The Legal Advocate

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Strike a Pose

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Written By NITA Author Rebecca Diaz-Bonilla

In her 2012 speech, Dr. Amy Cuddy dazzled her audience with her research on power poses and their powerful effect on the measurable confidence of a speaker.  Amy Cuddy theorizes that certain wide and open physical stances help increase adrenaline and produce a more confident speaker.  Her original Ted Talk now ranks as one of the most watched in Ted Talk history, and her fans are still buzzing.  If you haven’t seen it, you’re missing out.  In her recent CBS interview, she defends the utility of power poses against her critics.

How can power poses be used in the courtroom for litigators?  Just like any best practice in oral communication, an attorney should first master the rule and then know how and when to break the rule.  Power posing is no different.

  1. Practice in your everyday environment. I rarely coach a chameleon attorney – one who appears powerless in meetings and wishy-washy on the phone, but shows up in court with a John Wayne swagger.  Physical confidence needs to be practiced until the habit is formed.  If you want to know how to appear commanding on cue in the courtroom, practice confident power posing every day.  If power poses don’t work, find another method.
  2. Find home base. In my coaching, I refer to the still position taken between gestures as “home base.”  A power pose is not home base.  Power poses should be done in the bathroom with the stall door shut.  Home base positions are for public consumption.  Everyone should find three standing and seated home base positions.  Actor’s neutral (hands resting straight down on either side) and a torso hold (hands connecting at a height between belly button and belt) are staples.  The magic third depends on your personality and body shape.  A tall imposing man may want to try a one hand in pocket home base during direct examination to make the witness feel more comfortable.  A smaller framed woman needs an elbow-wide, shoulders back podium hold to look commanding in a federal courtroom.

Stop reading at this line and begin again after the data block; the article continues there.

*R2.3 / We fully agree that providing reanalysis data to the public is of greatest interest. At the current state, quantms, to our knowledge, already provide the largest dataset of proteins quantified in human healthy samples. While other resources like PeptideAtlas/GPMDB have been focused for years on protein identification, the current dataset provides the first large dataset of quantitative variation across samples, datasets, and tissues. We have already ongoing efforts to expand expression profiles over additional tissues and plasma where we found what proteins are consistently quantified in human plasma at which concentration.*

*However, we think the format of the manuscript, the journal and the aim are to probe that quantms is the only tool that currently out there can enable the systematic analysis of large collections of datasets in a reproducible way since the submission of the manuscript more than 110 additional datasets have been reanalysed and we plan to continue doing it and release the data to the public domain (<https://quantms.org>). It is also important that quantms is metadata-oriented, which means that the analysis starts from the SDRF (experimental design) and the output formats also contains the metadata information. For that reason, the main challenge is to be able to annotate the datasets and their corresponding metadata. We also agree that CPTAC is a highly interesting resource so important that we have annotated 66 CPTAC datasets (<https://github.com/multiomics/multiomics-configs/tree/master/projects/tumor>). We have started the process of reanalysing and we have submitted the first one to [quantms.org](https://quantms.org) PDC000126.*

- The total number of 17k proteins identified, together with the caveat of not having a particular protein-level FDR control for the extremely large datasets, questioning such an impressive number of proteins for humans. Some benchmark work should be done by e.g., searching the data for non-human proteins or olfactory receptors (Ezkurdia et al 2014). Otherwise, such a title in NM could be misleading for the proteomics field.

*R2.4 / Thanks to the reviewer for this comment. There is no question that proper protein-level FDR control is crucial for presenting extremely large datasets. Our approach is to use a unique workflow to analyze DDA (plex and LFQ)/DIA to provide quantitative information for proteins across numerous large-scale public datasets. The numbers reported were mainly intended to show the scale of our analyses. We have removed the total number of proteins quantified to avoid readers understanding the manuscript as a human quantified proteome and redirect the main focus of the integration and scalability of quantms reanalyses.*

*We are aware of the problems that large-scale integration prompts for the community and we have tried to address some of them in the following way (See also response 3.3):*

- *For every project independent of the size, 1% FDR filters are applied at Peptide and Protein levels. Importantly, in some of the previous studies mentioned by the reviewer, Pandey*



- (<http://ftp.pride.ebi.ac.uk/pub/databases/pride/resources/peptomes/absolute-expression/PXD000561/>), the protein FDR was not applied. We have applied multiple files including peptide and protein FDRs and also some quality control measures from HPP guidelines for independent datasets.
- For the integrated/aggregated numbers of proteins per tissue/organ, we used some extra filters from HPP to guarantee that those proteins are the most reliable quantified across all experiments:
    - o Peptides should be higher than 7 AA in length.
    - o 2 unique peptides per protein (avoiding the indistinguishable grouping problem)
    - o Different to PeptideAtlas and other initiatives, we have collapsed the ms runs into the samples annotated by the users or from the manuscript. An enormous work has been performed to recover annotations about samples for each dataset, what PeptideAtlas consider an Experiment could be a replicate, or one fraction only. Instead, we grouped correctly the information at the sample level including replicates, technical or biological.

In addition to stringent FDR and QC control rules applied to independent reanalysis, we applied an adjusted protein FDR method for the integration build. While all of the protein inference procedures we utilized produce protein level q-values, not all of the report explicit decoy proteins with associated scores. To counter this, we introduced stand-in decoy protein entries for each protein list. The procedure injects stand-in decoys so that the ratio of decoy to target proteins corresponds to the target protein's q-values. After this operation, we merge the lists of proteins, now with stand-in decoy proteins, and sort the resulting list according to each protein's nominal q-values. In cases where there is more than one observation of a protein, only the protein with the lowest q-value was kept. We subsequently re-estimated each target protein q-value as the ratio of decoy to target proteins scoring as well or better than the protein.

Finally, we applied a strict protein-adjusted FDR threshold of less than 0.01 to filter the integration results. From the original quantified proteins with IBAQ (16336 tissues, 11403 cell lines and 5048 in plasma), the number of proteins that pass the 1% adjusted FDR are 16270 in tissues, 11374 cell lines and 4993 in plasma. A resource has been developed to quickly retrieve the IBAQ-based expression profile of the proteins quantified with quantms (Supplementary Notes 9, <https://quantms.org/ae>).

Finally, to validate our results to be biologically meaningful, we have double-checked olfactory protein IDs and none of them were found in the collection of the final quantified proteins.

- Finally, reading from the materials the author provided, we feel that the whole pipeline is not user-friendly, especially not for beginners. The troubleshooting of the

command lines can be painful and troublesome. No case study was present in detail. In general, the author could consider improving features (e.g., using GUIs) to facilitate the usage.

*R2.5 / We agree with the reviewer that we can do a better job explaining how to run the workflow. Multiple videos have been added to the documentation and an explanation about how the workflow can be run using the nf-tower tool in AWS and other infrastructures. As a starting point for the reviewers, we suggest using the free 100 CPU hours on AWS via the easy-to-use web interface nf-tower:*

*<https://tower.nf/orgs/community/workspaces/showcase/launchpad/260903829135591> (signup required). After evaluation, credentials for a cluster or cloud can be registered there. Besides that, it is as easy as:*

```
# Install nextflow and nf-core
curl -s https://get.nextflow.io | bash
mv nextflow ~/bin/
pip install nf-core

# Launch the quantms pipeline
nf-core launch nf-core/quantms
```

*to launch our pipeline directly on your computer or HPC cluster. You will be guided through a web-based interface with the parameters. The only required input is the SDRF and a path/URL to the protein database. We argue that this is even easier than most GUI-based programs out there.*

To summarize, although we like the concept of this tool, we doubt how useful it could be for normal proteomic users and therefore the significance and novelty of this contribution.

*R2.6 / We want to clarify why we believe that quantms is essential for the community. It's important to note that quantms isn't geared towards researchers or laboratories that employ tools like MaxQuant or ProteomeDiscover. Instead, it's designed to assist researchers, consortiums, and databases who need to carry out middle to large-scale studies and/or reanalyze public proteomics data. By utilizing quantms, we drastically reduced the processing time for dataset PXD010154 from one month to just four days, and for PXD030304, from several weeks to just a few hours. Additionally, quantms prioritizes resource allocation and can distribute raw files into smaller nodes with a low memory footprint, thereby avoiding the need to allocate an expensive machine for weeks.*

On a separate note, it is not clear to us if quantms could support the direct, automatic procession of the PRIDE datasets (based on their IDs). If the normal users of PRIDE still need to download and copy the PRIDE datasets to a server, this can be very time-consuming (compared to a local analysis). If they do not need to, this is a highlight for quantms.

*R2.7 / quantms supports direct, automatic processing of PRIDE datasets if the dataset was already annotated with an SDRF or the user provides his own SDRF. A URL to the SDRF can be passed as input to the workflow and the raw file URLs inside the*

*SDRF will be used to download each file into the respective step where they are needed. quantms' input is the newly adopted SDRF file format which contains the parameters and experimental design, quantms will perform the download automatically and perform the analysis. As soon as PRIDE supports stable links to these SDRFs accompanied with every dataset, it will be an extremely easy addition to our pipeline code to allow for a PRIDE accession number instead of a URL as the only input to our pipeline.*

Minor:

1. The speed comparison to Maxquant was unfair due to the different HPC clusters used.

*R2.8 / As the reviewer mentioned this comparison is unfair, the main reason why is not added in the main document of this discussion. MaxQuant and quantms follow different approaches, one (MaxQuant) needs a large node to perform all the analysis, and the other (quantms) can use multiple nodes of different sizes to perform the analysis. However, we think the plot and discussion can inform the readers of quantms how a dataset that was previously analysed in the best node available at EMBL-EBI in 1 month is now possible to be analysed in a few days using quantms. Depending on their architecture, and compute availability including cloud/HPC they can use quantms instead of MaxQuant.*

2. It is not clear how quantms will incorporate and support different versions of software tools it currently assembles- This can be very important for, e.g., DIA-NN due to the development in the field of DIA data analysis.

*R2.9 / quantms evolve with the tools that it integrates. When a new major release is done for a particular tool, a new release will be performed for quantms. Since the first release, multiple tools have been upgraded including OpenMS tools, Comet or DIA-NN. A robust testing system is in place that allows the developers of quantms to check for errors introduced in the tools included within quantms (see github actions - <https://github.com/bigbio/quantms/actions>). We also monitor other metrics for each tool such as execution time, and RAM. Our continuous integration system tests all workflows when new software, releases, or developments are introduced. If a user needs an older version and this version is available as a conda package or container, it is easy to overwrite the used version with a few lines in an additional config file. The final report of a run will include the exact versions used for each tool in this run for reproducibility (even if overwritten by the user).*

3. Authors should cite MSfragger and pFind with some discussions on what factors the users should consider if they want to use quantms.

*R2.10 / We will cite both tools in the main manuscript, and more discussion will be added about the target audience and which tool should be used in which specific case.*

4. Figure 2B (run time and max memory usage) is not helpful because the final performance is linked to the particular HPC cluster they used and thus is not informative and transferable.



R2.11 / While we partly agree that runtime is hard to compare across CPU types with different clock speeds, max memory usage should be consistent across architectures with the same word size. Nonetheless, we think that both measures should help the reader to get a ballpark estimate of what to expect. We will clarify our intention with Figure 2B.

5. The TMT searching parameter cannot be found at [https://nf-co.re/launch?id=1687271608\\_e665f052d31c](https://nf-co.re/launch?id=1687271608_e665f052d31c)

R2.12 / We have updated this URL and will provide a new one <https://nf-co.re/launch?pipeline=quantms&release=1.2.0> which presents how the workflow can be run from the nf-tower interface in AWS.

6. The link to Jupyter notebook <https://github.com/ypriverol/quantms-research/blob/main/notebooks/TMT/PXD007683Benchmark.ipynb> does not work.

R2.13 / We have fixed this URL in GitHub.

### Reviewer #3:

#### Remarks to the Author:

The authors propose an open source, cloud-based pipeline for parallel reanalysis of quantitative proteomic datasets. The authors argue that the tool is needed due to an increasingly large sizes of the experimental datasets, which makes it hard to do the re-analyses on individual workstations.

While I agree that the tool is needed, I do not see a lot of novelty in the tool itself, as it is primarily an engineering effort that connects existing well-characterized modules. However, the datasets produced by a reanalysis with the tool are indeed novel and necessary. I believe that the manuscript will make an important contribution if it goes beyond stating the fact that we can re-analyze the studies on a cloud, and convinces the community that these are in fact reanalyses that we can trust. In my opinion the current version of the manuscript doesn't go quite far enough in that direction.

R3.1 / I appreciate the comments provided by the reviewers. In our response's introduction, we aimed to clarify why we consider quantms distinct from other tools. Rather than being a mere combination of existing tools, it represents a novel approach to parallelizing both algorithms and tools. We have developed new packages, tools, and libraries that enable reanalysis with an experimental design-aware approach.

3. Being confident is important, but reading the audience and adjusting accordingly is the mark of a skilled advocate.  I encourage clients to strike a balance of confidence and likability.  Go ahead and pump up with power poses before your next court appearance, but be willing and able to hide the peacock, if needed.  For example, it serves the advocate well to appear more humble when the judge is clearly on his side during an argument. Read the non-verbal cues of the audience and change your home base accordingly.
  4. The external power-pose technique helps an advocate appear more confident, but he should not neglect the interior. Some advocates are better inspired by starting inside, and letting the right emotion guide his outward appearance.  If you try power posing and it doesn’t work, do not despair.  Half of my clients need internal motivation to change outward appearances of confidence.  Remembering a huge success, thinking of a motivational speech, or anything that makes you think and feel confident can make the body react accordingly.

There are many paths to developing a confident appearance…power posing is one you should try.


Rebecca Diaz-Bonilla has also presented in NITA’s studio71 webcasts: Rise above the rest: Mastering the Top 10 Communication Skills for Lawyers Part One and Part Two as well as Authored the book: Foolproof: An Attorney’s Guide to Communication

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NITA’s team of practicing lawyers, professors and judges from around the nation dedicates its efforts to the training and development of skilled and ethical legal advocates to improve the adversarial justice system.

NITA’s Goals are to:

  • Promote justice through effective and ethical advocacy.
  • Train and mentor lawyers to be competent and ethical advocates in pursuit of justice.
  • Develop and teach trial advocacy skills to support and promote the effective and fair administration of justice.
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